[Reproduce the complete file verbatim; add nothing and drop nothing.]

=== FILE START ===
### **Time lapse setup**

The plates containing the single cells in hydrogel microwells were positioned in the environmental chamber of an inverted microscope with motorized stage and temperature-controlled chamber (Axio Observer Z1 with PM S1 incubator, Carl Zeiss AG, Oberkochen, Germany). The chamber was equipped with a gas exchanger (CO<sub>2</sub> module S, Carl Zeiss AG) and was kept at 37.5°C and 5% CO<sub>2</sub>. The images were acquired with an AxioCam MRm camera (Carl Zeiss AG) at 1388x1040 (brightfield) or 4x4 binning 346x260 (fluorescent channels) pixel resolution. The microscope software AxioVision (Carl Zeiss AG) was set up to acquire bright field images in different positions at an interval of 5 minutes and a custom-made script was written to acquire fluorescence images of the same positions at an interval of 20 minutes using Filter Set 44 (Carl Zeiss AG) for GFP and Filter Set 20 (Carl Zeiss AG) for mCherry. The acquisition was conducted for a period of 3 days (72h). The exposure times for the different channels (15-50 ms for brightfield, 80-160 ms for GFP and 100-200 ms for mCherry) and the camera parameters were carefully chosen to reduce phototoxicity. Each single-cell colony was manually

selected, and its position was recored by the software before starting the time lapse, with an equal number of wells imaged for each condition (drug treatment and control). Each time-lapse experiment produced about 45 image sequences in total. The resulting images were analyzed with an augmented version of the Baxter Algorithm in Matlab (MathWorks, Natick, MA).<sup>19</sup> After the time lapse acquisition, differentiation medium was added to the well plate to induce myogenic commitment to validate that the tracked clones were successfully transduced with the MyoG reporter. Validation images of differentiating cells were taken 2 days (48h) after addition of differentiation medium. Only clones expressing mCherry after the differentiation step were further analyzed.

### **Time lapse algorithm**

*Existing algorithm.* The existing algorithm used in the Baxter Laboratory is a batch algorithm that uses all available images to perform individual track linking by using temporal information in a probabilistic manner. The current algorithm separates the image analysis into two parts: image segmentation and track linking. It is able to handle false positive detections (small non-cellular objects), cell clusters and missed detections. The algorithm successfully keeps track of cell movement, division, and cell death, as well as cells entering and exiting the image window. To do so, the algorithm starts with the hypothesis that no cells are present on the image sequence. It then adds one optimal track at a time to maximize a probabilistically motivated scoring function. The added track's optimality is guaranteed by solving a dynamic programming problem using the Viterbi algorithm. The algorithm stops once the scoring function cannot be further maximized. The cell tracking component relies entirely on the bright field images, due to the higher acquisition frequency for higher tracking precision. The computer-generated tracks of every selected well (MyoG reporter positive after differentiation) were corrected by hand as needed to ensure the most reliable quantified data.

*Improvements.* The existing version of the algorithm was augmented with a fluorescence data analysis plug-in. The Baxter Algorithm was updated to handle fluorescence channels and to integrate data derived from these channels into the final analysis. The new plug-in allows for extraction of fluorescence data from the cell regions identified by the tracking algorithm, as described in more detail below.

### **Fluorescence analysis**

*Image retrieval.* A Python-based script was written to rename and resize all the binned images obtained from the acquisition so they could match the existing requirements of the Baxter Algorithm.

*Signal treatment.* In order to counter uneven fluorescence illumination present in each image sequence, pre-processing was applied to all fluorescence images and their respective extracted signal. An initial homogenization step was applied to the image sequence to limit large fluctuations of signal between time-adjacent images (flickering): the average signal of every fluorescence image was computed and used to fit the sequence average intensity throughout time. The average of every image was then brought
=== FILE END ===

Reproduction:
### **Time lapse setup**

The plates containing the single cells in hydrogel microwells were positioned in the environmental chamber of an inverted microscope with motorized stage and temperature-controlled chamber (Axio Observer Z1 with PM S1 incubator, Carl Zeiss AG, Oberkochen, Germany). The chamber was equipped with a gas exchanger (CO<sub>2</sub> module S, Carl Zeiss AG) and was kept at 37.5°C and 5% CO<sub>2</sub>. The images were acquired with an AxioCam MRm camera (Carl Zeiss AG) at 1388x1040 (brightfield) or 4x4 binning 346x260 (fluorescent channels) pixel resolution. The microscope software AxioVision (Carl Zeiss AG) was set up to acquire bright field images in different positions at an interval of 5 minutes and a custom-made script was written to acquire fluorescence images of the same positions at an interval of 20 minutes using Filter Set 44 (Carl Zeiss AG) for GFP and Filter Set 20 (Carl Zeiss AG) for mCherry. The acquisition was conducted for a period of 3 days (72h). The exposure times for the different channels (15-50 ms for brightfield, 80-160 ms for GFP and 100-200 ms for mCherry) and the camera parameters were carefully chosen to reduce phototoxicity. Each single-cell colony was manually

selected, and its position was recored by the software before starting the time lapse, with an equal number of wells imaged for each condition (drug treatment and control). Each time-lapse experiment produced about 45 image sequences in total. The resulting images were analyzed with an augmented version of the Baxter Algorithm in Matlab (MathWorks, Natick, MA).<sup>19</sup> After the time lapse acquisition, differentiation medium was added to the well plate to induce myogenic commitment to validate that the tracked clones were successfully transduced with the MyoG reporter. Validation images of differentiating cells were taken 2 days (48h) after addition of differentiation medium. Only clones expressing mCherry after the differentiation step were further analyzed.

### **Time lapse algorithm**

*Existing algorithm.* The existing algorithm used in the Baxter Laboratory is a batch algorithm that uses all available images to perform individual track linking by using temporal information in a probabilistic manner. The current algorithm separates the image analysis into two parts: image segmentation and track linking. It is able to handle false positive detections (small non-cellular objects), cell clusters and missed detections. The algorithm successfully keeps track of cell movement, division, and cell death, as well as cells entering and exiting the image window. To do so, the algorithm starts with the hypothesis that no cells are present on the image sequence. It then adds one optimal track at a time to maximize a probabilistically motivated scoring function. The added track's optimality is guaranteed by solving a dynamic programming problem using the Viterbi algorithm. The algorithm stops once the scoring function cannot be further maximized. The cell tracking component relies entirely on the bright field images, due to the higher acquisition frequency for higher tracking precision. The computer-generated tracks of every selected well (MyoG reporter positive after differentiation) were corrected by hand as needed to ensure the most reliable quantified data.

*Improvements.* The existing version of the algorithm was augmented with a fluorescence data analysis plug-in. The Baxter Algorithm was updated to handle fluorescence channels and to integrate data derived from these channels into the final analysis. The new plug-in allows for extraction of fluorescence data from the cell regions identified by the tracking algorithm, as described in more detail below.

### **Fluorescence analysis**

*Image retrieval.* A Python-based script was written to rename and resize all the binned images obtained from the acquisition so they could match the existing requirements of the Baxter Algorithm.

*Signal treatment.* In order to counter uneven fluorescence illumination present in each image sequence, pre-processing was applied to all fluorescence images and their respective extracted signal. An initial homogenization step was applied to the image sequence to limit large fluctuations of signal between time-adjacent images (flickering): the average signal of every fluorescence image was computed and used to fit the sequence average intensity throughout time. The average of every image was then brought